Sick! He’s a beauty. He definitely was confused at times towards my approach, haha! But that can be expected.
Who mostly set up the shots, or was it a combination of both of you?
Reece would tell me where we were shooting and generally it would be a hurricane in the rain and I would go home early and recover. The most fun was when we took the boat across the harbour and shot back towards town. Sunny, beers, good times. The lifestyle stuff I came up with on a remote secret beach.
Were there any close calls whilst filming in the water?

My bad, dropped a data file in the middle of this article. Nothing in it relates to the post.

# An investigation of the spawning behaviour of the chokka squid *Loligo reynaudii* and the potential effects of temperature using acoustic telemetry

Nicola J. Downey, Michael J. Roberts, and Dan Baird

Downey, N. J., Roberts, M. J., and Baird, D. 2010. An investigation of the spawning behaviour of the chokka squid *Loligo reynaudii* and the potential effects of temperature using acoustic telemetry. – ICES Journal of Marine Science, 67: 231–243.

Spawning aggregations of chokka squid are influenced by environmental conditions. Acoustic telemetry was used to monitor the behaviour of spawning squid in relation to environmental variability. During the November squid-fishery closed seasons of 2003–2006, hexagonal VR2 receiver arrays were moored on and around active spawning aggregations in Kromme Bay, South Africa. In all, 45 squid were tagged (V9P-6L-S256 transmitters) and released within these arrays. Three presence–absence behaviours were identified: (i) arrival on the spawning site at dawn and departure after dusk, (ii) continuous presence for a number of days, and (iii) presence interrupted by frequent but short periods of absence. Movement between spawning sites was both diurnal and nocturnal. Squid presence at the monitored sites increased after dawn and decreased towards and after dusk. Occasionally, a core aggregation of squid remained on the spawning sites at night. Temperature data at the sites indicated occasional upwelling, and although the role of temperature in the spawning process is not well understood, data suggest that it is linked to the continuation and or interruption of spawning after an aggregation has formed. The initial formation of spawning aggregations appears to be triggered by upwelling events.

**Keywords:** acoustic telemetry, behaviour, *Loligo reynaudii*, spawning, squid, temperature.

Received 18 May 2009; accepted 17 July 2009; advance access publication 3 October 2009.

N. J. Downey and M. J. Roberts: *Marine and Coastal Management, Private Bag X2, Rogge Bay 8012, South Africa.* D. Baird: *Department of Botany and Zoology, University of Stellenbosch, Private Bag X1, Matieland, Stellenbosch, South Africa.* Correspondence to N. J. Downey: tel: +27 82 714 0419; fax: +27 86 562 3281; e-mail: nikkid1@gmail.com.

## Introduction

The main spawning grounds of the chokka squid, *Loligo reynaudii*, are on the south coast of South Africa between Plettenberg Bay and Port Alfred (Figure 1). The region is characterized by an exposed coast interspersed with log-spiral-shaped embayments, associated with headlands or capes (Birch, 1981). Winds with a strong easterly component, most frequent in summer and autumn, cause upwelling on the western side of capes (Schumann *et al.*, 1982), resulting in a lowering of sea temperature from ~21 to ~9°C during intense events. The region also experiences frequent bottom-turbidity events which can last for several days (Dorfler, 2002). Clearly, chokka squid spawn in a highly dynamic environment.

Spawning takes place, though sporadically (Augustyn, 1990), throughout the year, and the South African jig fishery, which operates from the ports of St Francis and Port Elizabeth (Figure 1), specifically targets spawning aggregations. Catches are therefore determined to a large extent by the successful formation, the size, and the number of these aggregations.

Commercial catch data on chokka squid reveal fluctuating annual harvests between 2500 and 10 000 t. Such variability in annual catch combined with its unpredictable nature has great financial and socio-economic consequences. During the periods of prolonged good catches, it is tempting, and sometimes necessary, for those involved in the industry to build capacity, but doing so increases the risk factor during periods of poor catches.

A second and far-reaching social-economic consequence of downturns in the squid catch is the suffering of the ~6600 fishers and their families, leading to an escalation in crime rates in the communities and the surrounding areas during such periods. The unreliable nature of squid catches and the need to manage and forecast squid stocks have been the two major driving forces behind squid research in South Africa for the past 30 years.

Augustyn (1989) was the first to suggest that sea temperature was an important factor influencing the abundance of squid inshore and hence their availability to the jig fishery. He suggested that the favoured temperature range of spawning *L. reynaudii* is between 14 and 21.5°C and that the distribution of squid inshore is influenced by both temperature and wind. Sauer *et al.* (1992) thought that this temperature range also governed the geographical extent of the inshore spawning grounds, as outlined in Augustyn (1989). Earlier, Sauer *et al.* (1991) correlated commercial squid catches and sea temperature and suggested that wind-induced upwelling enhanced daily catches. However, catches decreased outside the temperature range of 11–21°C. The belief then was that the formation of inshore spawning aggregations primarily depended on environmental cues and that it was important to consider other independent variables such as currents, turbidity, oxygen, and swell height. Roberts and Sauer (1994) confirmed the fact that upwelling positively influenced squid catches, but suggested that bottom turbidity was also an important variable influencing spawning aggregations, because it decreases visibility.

Nope! I really wanted to pull some skate filming influence into it so the fisheye helped with that. To be honest I thought there’s a good chance we’d collide at some point but he’s crazy good at controlling where he’s going.
We understand this was all filmed in and around the Tofino area in British Columbia, Canada. This is an area you know pretty well right?
Yep, I live on Chesterman’s Beach and have been here close to ten years. It’s changed so much but still has a little bit of its original charm if you dig deep enough.
Do you think you’d be into doing more kiteboarding films now you’ve had a taste?!
I’ll do more with Reece if he’s keen! I’ve been involved in board sports most of my life so I feel really comfortable with the people and the places we go. Primarily snowboarding and surfing, but so as long as I find like minded people to work with and travel with then I’m all about it.